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4/23/2008
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Companies May Be Held Liable for Deals With Terrorists, ID Thieves

New and little-known regulations could mean fines, or even jail time, for companies that do business with bad guys

OK, pop quiz. A local car dealership sells a car to a new customer. A week later, that same automobile is used in a terrorist car bombing. The business can't be held liable for what the customer did, right?

Wrong, according to several U.S. law enforcement agencies. In fact, if your company provides products or services to a terrorist or identity thief, it may face six-figure fines -- or even jail time for its officers.

"With all of the focus put on compliance and security breaches, it's easy to overlook these requirements around identity and law enforcement," notes Brian Bradley, executive vice president of strategy and emerging markets at MicroBilt, which vets customers and trading partners on behalf of its small-business clients. "It's another level of compliance that a lot of companies don't even know about."

If you're a security pro, you might be familiar with the U.S. Treasury Department's Office of Foreign Asset Control (OFAC) requirements, which basically require companies to check their customers' identities against a list of known terrorists to prevent them from unwittingly providing products or services to an enemy. Most major credit bureaus check customers and applicants against these lists, so if you're vetting your partners and customers that way, you're probably covered.

However, you may not have heard yet about the Federal Trade Commission's "Red Flag" program, which is designed to warn companies when they are about to do business with identity thieves or money-laundering operations. The Red Flag program, which takes effect Nov. 1, requires enterprises to check their customers and suppliers against databases of known online criminals -- much like what OFAC does with terrorists -- and also carries potential fines and penalties for businesses that don't do their due diligence before making a major transaction.

"The final rules require each financial institution and creditor that holds any consumer account, or other account for which there is a reasonably foreseeable risk of identity theft, to develop and implement an Identity Theft Prevention Program for combating identity theft in connection with new and existing accounts," the FTC says in the rules, which were passed last year.

"The Red Flag rules are basically there to help protect consumers from identity fraud, and to help prevent businesses from making bad loans or extending credit to criminals," Bradley says. "But a lot of security people don't know much about them yet, and most small businesses -- the ones that are too small to work with the big credit bureaus -- don't know anything."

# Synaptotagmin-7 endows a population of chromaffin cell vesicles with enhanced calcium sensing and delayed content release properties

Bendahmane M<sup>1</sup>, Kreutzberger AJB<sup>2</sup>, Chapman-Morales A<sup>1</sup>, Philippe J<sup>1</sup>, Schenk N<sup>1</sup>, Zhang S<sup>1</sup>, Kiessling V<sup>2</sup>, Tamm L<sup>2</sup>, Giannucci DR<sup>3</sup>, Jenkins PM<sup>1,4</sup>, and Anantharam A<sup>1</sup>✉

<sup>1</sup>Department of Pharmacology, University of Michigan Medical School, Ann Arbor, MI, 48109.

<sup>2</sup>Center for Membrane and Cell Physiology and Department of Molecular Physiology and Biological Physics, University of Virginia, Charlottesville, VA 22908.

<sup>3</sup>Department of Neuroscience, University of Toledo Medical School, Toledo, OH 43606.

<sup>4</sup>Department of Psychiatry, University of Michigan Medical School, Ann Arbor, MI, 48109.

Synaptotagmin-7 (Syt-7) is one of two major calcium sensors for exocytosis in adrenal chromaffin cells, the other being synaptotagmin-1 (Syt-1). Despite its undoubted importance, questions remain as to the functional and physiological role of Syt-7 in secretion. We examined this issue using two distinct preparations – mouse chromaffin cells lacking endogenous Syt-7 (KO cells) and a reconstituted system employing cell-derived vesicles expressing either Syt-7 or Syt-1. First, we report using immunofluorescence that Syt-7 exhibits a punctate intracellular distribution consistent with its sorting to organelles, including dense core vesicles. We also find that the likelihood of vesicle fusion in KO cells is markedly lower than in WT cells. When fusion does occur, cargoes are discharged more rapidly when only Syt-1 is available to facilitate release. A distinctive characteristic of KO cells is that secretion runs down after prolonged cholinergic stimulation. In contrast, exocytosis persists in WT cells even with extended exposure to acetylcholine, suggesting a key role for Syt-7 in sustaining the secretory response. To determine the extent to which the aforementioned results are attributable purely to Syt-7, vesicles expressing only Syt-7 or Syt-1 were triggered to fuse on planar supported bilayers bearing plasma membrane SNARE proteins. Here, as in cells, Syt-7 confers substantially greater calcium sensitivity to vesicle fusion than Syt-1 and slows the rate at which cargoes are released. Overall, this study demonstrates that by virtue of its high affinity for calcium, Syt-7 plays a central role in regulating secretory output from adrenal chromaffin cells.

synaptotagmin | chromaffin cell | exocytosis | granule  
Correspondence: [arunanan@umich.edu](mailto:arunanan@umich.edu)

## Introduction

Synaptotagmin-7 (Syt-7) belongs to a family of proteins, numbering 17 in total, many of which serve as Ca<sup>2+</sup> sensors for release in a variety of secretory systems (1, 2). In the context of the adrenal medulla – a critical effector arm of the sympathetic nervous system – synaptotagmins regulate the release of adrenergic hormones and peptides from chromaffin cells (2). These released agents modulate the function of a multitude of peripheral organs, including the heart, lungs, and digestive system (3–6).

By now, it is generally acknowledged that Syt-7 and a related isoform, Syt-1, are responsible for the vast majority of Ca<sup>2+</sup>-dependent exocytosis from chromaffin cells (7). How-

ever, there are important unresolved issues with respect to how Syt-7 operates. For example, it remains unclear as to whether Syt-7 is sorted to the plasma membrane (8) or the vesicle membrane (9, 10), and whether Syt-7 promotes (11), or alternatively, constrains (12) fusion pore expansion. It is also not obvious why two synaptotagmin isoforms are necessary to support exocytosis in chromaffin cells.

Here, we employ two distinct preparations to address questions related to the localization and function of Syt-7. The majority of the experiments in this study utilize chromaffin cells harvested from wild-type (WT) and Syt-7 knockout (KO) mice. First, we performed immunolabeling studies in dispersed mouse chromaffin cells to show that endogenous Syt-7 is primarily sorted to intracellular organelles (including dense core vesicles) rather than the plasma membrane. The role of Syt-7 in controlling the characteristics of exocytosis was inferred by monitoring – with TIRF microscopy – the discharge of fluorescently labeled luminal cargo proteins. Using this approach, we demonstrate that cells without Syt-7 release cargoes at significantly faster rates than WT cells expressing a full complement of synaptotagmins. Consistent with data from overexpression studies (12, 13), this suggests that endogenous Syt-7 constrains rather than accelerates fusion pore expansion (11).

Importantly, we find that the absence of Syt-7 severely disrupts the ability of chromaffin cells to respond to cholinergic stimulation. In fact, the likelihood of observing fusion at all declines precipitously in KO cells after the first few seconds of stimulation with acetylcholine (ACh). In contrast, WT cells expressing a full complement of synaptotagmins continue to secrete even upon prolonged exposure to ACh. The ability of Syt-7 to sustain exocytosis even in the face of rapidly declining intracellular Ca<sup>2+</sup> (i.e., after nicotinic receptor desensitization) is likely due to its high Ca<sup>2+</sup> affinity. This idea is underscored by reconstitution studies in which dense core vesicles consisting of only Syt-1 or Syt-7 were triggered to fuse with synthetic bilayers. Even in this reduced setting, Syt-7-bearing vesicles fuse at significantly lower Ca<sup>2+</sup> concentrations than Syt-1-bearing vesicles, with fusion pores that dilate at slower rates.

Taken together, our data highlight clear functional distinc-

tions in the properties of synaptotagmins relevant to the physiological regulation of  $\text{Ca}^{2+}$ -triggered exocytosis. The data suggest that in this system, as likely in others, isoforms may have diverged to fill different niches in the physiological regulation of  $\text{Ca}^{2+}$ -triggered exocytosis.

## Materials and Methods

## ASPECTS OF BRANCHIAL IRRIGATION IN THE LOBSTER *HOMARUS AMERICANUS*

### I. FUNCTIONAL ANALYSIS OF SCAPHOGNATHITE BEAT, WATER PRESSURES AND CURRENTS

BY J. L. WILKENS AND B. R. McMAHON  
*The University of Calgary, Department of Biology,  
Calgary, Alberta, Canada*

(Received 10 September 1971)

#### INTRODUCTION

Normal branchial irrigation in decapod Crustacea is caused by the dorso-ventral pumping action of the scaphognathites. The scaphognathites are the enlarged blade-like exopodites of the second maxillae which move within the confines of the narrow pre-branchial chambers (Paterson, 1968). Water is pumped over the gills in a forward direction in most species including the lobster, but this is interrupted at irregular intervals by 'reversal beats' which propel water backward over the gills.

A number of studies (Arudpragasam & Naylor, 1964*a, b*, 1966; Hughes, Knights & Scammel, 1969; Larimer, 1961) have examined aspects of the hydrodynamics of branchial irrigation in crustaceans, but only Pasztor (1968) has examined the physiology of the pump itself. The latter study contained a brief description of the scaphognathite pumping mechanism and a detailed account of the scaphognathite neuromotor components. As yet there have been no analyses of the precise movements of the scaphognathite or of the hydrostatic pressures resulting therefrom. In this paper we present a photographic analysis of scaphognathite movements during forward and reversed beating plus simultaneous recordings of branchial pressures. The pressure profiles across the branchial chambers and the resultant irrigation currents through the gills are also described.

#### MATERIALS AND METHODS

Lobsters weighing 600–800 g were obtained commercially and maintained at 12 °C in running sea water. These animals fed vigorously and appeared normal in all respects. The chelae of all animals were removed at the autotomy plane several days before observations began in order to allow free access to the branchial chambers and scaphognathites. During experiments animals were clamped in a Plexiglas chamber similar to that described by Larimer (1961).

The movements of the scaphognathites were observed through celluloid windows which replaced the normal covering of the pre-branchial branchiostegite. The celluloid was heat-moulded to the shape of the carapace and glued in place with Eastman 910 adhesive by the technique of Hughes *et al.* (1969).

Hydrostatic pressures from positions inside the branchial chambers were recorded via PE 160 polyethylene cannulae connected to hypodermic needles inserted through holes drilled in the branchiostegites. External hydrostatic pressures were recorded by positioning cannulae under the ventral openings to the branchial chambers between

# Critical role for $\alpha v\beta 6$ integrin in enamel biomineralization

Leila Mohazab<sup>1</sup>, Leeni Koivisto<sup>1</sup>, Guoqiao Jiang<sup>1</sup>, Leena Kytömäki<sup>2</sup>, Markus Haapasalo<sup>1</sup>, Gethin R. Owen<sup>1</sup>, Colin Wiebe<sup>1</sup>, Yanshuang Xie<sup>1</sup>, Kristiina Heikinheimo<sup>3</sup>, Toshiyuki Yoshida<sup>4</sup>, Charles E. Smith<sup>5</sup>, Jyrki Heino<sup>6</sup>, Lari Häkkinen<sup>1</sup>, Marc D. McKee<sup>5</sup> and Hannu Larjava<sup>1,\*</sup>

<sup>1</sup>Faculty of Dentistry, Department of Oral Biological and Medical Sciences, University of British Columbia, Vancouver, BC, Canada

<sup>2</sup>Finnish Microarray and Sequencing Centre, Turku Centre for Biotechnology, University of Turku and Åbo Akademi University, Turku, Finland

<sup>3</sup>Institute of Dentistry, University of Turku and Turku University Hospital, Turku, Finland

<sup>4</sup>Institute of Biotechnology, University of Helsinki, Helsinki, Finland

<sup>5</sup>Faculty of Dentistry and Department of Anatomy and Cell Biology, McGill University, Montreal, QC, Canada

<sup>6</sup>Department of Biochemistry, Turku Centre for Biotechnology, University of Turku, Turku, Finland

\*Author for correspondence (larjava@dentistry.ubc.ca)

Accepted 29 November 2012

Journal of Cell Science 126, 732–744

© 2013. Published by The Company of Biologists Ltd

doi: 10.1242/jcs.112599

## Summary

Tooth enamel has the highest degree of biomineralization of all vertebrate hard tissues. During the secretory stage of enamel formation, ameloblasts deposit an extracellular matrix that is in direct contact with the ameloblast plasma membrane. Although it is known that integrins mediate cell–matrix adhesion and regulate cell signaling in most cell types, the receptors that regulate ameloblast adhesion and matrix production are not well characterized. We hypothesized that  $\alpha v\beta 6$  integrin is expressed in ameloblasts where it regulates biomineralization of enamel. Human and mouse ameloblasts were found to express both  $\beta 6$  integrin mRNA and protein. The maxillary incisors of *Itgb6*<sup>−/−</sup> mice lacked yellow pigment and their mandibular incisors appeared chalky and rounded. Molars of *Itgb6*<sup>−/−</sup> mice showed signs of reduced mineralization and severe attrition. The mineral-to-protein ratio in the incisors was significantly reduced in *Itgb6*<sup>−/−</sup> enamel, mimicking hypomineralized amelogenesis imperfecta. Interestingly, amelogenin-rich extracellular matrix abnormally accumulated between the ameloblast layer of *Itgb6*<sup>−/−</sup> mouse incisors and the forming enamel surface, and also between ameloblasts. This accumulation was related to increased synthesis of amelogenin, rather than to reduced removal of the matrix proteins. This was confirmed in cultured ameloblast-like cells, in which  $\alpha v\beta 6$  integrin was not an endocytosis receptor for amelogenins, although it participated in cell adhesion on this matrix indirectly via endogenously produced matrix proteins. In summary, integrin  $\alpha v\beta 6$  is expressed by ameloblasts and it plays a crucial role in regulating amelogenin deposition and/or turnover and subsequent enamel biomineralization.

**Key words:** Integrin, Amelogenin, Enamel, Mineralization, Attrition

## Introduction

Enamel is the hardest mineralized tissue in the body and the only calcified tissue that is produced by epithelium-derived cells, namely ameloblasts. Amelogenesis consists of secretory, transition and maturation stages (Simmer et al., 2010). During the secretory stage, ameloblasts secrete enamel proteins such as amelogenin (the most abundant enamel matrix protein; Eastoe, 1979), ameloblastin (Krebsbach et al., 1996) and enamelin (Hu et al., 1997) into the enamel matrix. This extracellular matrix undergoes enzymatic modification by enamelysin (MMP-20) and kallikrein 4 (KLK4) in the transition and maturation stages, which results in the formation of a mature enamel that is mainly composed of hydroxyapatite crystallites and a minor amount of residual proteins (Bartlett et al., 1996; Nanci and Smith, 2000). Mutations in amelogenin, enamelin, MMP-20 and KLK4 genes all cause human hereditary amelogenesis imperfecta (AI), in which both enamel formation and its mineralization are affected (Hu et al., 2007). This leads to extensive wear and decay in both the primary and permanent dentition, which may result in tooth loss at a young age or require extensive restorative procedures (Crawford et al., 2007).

However, many organized terrorists and criminals know that small businesses can't afford to work with the big credit bureaus, which makes these mom-and-pop shops prime targets for illegal purchases and money-laundering scams, Bradley observes.

"And the worst part is that the small business can be held liable if it does do business with the bad guys, even if it isn't aware of the regulations. I haven't seen any cases yet, but the Red Flag rules won't be enforced until November, so we're just beginning to deal with those."

MicroBilt is out spreading the word on these emerging regulations because next week it will unveil a new service offering that helps small businesses vet their customers, suppliers, and even employees to comply with the OFAC and FTC Red Flag rules.

As part of its regular "risk management" service, which provides screening, tracing, and identity and background checks on potential clients or trading partners, MicroBilt will now offer a "watch list" service that checks these individuals against 63 different lists from 35 sources, including OFAC, the FBI, and Interpol, Bradley says.

"It's an easy way to be sure you're not dealing with someone you'll regret later," he says. "And it's also a way to be sure you're in compliance with the emerging regulations and databases, which are too complicated for most small businesses to deal with."

The watch list service is free with the MicroBilt service, which is sold on a per-transaction basis and includes vetting of any individual -- customers, potential employees, or even principals at prospective suppliers or trading partners. Microbilt will even guarantee the transactions of individuals vetted through its service, Bradley says.

"Any business that's in the chain of private consumer data should be thinking about these [regulations]," he says. "You need to be able to detect if you're dealing with a suspicious character, both from a business standpoint and, increasingly, from a legal standpoint."

Have a comment on this story? Please click "Discuss" below. If you'd like to contact Dark Reading's editors directly, send us a message.

Tim Wilson is Editor in Chief and co-founder of Dark Reading.com, UBM Tech's online community for information security professionals. He is responsible for managing the site, assigning and editing content, and writing breaking news stories. Wilson has been recognized as one ... View Full Bio

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